Monday, August 9, 2010


At first my son didn't really go for the new grandma name I picked. "Mom, Patricks not going to want to say Go Go in front of all his friends when he's 16."
My daughter-in-law commented that we could cross that bridge when we got to it. She's always so diplomatic:)
O sigh....I just wanted something different. I wasn't ready to be called grandma. I didn't feel like a grandma and I certainly didn't look like my grandma did when she was my age: floral print cotton dress snugly fitted around a buxom top, dark black shoes that laced up with thick 2 inch high square heels, short, gray bobbypinned curled hair, a button nose and little wire-rimmed glasses, and a stern "you better not cause me any trouble" look on her face.
Soon after this discussion I was watching Your Life A-Z. There was a young lady,in her 30's, being interviewed. As I listened I heard her saying that every 20 seconds a baby boomer became a grandparent and this generation was not ready to take on the traditional name of grandma and grandpa. How do they graciously accept the role as grandparent without "feeling old". After all,these are the ones who have fought the aging process, with their array of ideas to stay looking younger and feeling better. They wanted to pioneer their way to a new avenue of grandparenting. She went on to say that this was the reason she wrote her book "You Can Call Me Hoppa".
Are you telling me there's a book out there that validates my inner most desires! I had to listen longer to hear what Lauren Charpio had written a book about.
"You Can Call Me Hoppa" is a book that Laruen compiled of all the different names men and women chose to be called for or by their grandchildren. Each name has a story behind it and why it was chosen. Its very cute.
"Hoppa" was the name that came out of her 16 month old baby when the child tried to say grandpa to Lauren's dad. It stuck! One man wanted to be called "chief" because he had once been an executive on wall street for years and just felt too tough to be called grandpa. Another lady played peek a boo with her granddaughter every time she visited. One day her grandbaby called her "boo" assuming that was her name.
There are so many more......
Well, when I told my son about Lauren Charpio and her book, he thought that was pretty cool. He even gave me permission to submit our story to Lauren.
Tell me your story of how you got your name.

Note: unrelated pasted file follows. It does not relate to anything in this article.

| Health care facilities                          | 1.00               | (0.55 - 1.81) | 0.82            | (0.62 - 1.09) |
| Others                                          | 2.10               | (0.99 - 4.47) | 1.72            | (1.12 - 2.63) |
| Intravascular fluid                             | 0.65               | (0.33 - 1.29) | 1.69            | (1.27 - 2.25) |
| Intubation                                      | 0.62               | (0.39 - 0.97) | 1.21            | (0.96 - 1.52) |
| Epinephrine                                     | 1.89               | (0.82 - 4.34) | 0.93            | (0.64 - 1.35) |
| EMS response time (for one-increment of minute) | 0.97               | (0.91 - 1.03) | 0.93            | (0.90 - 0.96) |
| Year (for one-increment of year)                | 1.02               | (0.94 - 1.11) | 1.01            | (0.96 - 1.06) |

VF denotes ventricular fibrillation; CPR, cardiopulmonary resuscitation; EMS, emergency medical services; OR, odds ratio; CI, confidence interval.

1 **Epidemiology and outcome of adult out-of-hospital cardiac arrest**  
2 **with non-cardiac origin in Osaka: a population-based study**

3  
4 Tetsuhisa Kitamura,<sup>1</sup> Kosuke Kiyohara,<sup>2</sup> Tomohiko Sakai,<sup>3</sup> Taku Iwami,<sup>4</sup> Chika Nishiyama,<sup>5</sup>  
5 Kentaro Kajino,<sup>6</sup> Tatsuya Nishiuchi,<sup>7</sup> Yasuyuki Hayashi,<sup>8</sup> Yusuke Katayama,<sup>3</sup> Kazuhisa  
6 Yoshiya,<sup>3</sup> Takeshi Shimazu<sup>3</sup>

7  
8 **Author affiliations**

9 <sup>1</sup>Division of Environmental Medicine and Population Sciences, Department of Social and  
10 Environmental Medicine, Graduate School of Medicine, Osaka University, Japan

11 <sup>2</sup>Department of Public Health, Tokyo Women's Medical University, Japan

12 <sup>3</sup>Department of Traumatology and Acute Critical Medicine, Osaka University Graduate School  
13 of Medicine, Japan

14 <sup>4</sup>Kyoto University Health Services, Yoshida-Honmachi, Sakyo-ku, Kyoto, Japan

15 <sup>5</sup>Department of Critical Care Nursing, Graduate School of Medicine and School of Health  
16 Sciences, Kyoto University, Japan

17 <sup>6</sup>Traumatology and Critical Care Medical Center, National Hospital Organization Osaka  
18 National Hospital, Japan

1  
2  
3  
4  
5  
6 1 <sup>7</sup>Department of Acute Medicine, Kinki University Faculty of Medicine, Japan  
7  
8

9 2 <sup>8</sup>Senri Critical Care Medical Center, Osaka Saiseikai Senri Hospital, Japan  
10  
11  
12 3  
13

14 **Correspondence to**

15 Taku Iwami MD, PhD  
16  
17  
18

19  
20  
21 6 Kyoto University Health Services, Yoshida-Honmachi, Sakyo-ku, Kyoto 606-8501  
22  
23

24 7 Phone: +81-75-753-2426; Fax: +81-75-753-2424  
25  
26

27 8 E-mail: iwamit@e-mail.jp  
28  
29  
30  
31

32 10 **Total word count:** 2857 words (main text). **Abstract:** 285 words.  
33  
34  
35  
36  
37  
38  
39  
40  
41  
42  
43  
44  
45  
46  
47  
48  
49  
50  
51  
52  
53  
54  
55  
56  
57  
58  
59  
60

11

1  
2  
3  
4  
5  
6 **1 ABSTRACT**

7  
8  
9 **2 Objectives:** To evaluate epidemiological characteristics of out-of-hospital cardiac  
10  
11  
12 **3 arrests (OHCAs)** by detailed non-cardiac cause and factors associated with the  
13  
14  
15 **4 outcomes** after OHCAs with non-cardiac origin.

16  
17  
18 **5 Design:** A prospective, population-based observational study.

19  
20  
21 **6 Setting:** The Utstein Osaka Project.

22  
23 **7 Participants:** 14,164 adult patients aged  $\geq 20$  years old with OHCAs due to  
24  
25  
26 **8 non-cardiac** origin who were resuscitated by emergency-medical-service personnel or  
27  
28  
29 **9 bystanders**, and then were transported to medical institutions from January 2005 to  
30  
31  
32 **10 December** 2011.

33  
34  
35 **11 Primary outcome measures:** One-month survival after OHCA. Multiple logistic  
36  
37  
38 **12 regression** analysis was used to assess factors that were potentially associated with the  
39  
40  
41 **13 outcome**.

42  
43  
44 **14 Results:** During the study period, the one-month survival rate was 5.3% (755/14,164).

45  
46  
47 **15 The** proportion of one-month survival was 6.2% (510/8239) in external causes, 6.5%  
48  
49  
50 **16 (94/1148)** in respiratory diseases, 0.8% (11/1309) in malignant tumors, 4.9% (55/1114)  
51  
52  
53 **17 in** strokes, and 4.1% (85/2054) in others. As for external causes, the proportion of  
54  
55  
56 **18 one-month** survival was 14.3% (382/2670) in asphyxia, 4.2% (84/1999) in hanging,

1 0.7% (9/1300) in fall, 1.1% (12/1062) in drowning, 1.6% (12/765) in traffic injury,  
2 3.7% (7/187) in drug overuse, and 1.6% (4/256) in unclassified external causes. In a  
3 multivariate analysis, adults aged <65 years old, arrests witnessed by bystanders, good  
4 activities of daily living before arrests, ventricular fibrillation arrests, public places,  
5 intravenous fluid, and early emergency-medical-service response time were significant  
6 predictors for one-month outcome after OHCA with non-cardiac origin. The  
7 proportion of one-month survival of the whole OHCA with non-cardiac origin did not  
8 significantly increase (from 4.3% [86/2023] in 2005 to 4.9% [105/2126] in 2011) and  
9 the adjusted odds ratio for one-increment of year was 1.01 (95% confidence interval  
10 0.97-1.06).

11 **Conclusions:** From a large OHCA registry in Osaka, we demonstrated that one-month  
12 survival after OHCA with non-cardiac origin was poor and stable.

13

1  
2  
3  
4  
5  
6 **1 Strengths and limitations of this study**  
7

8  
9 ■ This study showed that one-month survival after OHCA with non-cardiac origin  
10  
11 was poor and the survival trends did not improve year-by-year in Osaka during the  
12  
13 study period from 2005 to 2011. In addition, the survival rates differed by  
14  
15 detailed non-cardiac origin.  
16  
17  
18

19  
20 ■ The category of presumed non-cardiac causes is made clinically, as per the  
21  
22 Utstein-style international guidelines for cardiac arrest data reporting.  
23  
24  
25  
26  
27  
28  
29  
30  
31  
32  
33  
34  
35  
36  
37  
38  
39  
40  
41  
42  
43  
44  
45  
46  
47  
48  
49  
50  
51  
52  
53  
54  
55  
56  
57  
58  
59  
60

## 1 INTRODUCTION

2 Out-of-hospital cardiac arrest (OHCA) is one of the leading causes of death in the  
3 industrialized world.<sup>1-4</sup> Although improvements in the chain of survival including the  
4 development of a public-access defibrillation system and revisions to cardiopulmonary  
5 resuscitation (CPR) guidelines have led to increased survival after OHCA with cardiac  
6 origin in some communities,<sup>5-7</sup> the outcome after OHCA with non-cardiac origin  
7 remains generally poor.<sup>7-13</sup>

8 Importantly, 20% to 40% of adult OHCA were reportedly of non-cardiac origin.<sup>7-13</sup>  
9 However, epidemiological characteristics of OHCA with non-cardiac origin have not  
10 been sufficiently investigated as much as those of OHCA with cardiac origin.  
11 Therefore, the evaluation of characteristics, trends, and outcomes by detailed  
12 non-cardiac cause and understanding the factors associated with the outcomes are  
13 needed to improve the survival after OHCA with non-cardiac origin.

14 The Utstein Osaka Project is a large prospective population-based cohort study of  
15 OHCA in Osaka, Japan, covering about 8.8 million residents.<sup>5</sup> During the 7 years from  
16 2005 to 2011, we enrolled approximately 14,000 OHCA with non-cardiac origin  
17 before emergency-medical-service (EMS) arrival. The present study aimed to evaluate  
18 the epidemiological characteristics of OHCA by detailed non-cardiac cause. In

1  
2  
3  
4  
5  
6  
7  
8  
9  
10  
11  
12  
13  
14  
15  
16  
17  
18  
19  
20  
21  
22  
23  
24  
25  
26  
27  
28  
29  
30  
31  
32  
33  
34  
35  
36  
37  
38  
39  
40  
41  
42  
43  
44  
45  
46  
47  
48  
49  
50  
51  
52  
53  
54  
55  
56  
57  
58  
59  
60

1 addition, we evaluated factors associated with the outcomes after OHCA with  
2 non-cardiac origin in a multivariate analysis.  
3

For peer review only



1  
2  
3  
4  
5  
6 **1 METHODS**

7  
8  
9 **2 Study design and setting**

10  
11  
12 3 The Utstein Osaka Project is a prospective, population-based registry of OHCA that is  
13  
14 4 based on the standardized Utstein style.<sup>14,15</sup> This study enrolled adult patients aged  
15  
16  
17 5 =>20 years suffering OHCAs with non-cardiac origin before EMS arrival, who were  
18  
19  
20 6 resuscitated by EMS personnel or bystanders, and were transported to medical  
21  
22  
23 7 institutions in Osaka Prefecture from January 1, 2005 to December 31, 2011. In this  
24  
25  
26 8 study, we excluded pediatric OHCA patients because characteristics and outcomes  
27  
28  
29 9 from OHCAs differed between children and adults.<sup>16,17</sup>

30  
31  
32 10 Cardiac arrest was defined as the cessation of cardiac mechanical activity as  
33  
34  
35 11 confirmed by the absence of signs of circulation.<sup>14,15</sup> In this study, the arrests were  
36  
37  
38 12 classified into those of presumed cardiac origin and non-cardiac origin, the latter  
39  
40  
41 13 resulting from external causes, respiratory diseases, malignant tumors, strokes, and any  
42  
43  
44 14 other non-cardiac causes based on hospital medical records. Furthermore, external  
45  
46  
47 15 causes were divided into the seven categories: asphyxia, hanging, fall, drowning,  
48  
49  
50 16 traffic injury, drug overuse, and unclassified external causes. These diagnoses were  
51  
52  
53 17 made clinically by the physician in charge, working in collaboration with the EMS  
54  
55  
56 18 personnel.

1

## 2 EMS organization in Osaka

Visit Lauren Charpio's website at
By the way, some of my dearest friends and family are called grandma and grandpa. Love it!


  1. Hi ya, Gogo Grandma, or Gogo, or GoGo. I'm a little offended to discover that my 'grandma' name got relegated to the dot dot dot part of your title, but since you're a friend, I'll let it slide. I like the fact that you and I share two syllable two capital grandma names - I am YaYa, as in the YaYa Sisterhood. Only that's not where the name came from and, just as a sidebar, I still haven't seen the movie.

    Actually, Katy and I were in negotiations for over a year as to what I would be called, though we both agreed Grandma was out of the question. After trying on Oma for a while (I knew a German lady once who was the inspiration for that one), Allie began talking a little, beginning with Mama (traditional beginning), Dada (nod to the big guy in the house who pays for the house), and yaya. Katy had suggested this name early in our negotiations since it was the grandmother's name in one of our favorite movies, My Big Fat Greek Wedding. But that grandmother was a little crazy, hunch backed and dressed in black. Naturally I avoided the comparison. That is, until accepting the title made me third in line for name recognition with my precious granddaughter. And since the YaYa in that movie turns out to be delightful by the end of the story and since Eula is Greek and the movie was about a Greek family and YaYa is Greek for grandma, well, there you go.

    YaYa. My granddaughter has been saying my name since she was six months old. She's such a genius. :) It's kind of a short name - it would fit in perfectly right before the 'and more' in your title . . . I'm just saying . . .

  2. Peggy,
    I want to be called Nana..My great gramma was called Nana.. I am pretty sure I will live past her 93 yrs..I'm excited to be a Nana Soon ;D

  3. ...heaving sigh, I have not given myself one of the cute creative names, not for lack of trying! But, for me, "grandma" just seemed, should I admit it? natural. I did struggle with grandmotherhood in the beginning as I felt that I hadn't gotten the mother thing down very well with some of my children. But the minute the little guy was born and I got to hold him this mother was transformed into grandma! I LOVE hearing my name from their little mouths. Although I'm a bit jealous as "grandpa" is becoming the cute "pop pop" with at least one grandboy. I will admit 'though that one of my children tried to get his son to call me "grannie" and I balked at that one!!!

  4. I actually wanted to be "Granny", but that one was already taken by my mother ... and quite graciously, I might add. What to do?
    Deliberations were begun between myself, my daughter-in-love, and her mother (the upcoming Grandma herself), during which I was lovingly dubbed "Nana". It was music to my ears from the start, but it got ratcheted up to the equivalent of angel-song on the day my 3-year-old grandaughter spotted me from across a park, jumped up from the ground from beside her mommy, and ran at breakneck speed across the lawn, screaming at the top of her lungs, "Nana! Nana! Nana!!"
    It doesn't get any better than that.